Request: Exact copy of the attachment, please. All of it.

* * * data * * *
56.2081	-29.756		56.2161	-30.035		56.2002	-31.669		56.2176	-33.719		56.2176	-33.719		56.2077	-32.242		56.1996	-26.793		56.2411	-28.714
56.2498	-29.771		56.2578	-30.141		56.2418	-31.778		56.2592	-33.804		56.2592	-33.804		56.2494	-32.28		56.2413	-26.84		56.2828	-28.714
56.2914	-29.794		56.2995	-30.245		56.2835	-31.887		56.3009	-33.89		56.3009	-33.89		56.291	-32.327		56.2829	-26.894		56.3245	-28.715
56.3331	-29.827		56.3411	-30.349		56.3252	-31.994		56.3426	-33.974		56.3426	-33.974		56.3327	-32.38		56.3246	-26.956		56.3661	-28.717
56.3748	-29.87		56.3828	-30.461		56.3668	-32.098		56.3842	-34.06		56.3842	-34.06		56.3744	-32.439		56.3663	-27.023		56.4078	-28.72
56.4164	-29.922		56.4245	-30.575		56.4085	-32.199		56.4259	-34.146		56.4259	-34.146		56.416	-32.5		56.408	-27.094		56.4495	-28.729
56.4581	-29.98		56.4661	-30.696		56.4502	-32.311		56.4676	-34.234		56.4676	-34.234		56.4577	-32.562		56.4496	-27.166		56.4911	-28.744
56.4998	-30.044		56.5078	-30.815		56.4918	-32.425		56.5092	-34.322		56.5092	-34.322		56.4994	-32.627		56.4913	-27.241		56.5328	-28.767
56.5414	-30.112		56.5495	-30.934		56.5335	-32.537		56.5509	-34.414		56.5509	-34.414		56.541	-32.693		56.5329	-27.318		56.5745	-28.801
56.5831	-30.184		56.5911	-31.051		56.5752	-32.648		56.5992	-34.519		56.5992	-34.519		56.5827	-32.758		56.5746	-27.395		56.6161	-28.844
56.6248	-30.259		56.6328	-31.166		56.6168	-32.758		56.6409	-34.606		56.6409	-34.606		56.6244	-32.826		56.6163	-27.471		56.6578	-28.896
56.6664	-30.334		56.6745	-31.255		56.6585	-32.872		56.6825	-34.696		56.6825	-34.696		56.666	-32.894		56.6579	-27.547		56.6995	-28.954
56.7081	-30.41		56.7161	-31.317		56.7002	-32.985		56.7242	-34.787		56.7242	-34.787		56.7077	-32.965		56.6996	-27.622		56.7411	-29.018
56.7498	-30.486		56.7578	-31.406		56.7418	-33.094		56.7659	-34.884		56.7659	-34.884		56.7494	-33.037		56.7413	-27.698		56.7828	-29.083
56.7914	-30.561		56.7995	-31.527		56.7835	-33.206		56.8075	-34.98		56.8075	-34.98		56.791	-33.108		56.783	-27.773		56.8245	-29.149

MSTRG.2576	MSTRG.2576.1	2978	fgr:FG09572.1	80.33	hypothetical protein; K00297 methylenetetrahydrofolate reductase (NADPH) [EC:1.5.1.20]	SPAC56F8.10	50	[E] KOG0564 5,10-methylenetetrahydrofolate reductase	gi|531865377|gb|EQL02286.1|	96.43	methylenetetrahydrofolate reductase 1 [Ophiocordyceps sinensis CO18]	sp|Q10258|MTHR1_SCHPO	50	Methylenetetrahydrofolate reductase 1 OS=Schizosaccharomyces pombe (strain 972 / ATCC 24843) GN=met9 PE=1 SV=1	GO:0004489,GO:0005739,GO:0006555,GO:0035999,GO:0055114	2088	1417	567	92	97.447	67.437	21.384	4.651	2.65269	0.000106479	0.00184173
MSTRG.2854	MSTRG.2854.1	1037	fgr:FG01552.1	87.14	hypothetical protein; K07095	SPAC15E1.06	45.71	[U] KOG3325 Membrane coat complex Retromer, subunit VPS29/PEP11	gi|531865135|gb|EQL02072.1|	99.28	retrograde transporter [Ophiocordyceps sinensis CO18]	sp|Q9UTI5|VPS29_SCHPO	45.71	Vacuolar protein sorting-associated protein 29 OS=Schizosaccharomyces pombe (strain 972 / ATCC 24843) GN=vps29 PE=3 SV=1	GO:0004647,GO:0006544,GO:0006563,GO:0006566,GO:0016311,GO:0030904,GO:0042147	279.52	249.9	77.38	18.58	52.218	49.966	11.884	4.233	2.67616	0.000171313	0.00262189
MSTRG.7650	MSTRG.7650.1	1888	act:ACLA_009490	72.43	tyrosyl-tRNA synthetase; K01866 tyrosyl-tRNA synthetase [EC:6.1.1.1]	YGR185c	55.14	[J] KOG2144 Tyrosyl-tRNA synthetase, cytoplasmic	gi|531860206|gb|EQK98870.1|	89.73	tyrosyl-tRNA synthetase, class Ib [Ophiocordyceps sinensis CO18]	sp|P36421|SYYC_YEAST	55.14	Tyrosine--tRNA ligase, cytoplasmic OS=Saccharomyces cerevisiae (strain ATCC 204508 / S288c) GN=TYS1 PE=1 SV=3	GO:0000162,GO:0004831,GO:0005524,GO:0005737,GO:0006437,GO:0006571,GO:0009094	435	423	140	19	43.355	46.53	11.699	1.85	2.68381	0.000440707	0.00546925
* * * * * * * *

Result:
56.2081	-29.756		56.2161	-30.035		56.2002	-31.669		56.2176	-33.719		56.2176	-33.719		56.2077	-32.242		56.1996	-26.793		56.2411	-28.714
56.2498	-29.771		56.2578	-30.141		56.2418	-31.778		56.2592	-33.804		56.2592	-33.804		56.2494	-32.28		56.2413	-26.84		56.2828	-28.714
56.2914	-29.794		56.2995	-30.245		56.2835	-31.887		56.3009	-33.89		56.3009	-33.89		56.291	-32.327		56.2829	-26.894		56.3245	-28.715
56.3331	-29.827		56.3411	-30.349		56.3252	-31.994		56.3426	-33.974		56.3426	-33.974		56.3327	-32.38		56.3246	-26.956		56.3661	-28.717
56.3748	-29.87		56.3828	-30.461		56.3668	-32.098		56.3842	-34.06		56.3842	-34.06		56.3744	-32.439		56.3663	-27.023		56.4078	-28.72
56.4164	-29.922		56.4245	-30.575		56.4085	-32.199		56.4259	-34.146		56.4259	-34.146		56.416	-32.5		56.408	-27.094		56.4495	-28.729
56.4581	-29.98		56.4661	-30.696		56.4502	-32.311		56.4676	-34.234		56.4676	-34.234		56.4577	-32.562		56.4496	-27.166		56.4911	-28.744
56.4998	-30.044		56.5078	-30.815		56.4918	-32.425		56.5092	-34.322		56.5092	-34.322		56.4994	-32.627		56.4913	-27.241		56.5328	-28.767
56.5414	-30.112		56.5495	-30.934		56.5335	-32.537		56.5509	-34.414		56.5509	-34.414		56.541	-32.693		56.5329	-27.318		56.5745	-28.801
56.5831	-30.184		56.5911	-31.051		56.5752	-32.648		56.5992	-34.519		56.5992	-34.519		56.5827	-32.758		56.5746	-27.395		56.6161	-28.844
56.6248	-30.259		56.6328	-31.166		56.6168	-32.758		56.6409	-34.606		56.6409	-34.606		56.6244	-32.826		56.6163	-27.471		56.6578	-28.896
56.6664	-30.334		56.6745	-31.255		56.6585	-32.872		56.6825	-34.696		56.6825	-34.696		56.666	-32.894		56.6579	-27.547		56.6995	-28.954
56.7081	-30.41		56.7161	-31.317		56.7002	-32.985		56.7242	-34.787		56.7242	-34.787		56.7077	-32.965		56.6996	-27.622		56.7411	-29.018
56.7498	-30.486		56.7578	-31.406		56.7418	-33.094		56.7659	-34.884		56.7659	-34.884		56.7494	-33.037		56.7413	-27.698		56.7828	-29.083
56.7914	-30.561		56.7995	-31.527		56.7835	-33.206		56.8075	-34.98		56.8075	-34.98		56.791	-33.108		56.783	-27.773		56.8245	-29.149

MSTRG.2576	MSTRG.2576.1	2978	fgr:FG09572.1	80.33	hypothetical protein; K00297 methylenetetrahydrofolate reductase (NADPH) [EC:1.5.1.20]	SPAC56F8.10	50	[E] KOG0564 5,10-methylenetetrahydrofolate reductase	gi|531865377|gb|EQL02286.1|	96.43	methylenetetrahydrofolate reductase 1 [Ophiocordyceps sinensis CO18]	sp|Q10258|MTHR1_SCHPO	50	Methylenetetrahydrofolate reductase 1 OS=Schizosaccharomyces pombe (strain 972 / ATCC 24843) GN=met9 PE=1 SV=1	GO:0004489,GO:0005739,GO:0006555,GO:0035999,GO:0055114	2088	1417	567	92	97.447	67.437	21.384	4.651	2.65269	0.000106479	0.00184173
MSTRG.2854	MSTRG.2854.1	1037	fgr:FG01552.1	87.14	hypothetical protein; K07095	SPAC15E1.06	45.71	[U] KOG3325 Membrane coat complex Retromer, subunit VPS29/PEP11	gi|531865135|gb|EQL02072.1|	99.28	retrograde transporter [Ophiocordyceps sinensis CO18]	sp|Q9UTI5|VPS29_SCHPO	45.71	Vacuolar protein sorting-associated protein 29 OS=Schizosaccharomyces pombe (strain 972 / ATCC 24843) GN=vps29 PE=3 SV=1	GO:0004647,GO:0006544,GO:0006563,GO:0006566,GO:0016311,GO:0030904,GO:0042147	279.52	249.9	77.38	18.58	52.218	49.966	11.884	4.233	2.67616	0.000171313	0.00262189
MSTRG.7650	MSTRG.7650.1	1888	act:ACLA_009490	72.43	tyrosyl-tRNA synthetase; K01866 tyrosyl-tRNA synthetase [EC:6.1.1.1]	YGR185c	55.14	[J] KOG2144 Tyrosyl-tRNA synthetase, cytoplasmic	gi|531860206|gb|EQK98870.1|	89.73	tyrosyl-tRNA synthetase, class Ib [Ophiocordyceps sinensis CO18]	sp|P36421|SYYC_YEAST	55.14	Tyrosine--tRNA ligase, cytoplasmic OS=Saccharomyces cerevisiae (strain ATCC 204508 / S288c) GN=TYS1 PE=1 SV=3	GO:0000162,GO:0004831,GO:0005524,GO:0005737,GO:0006437,GO:0006571,GO:0009094	435	423	140	19	43.355	46.53	11.699	1.85	2.68381	0.000440707	0.00546925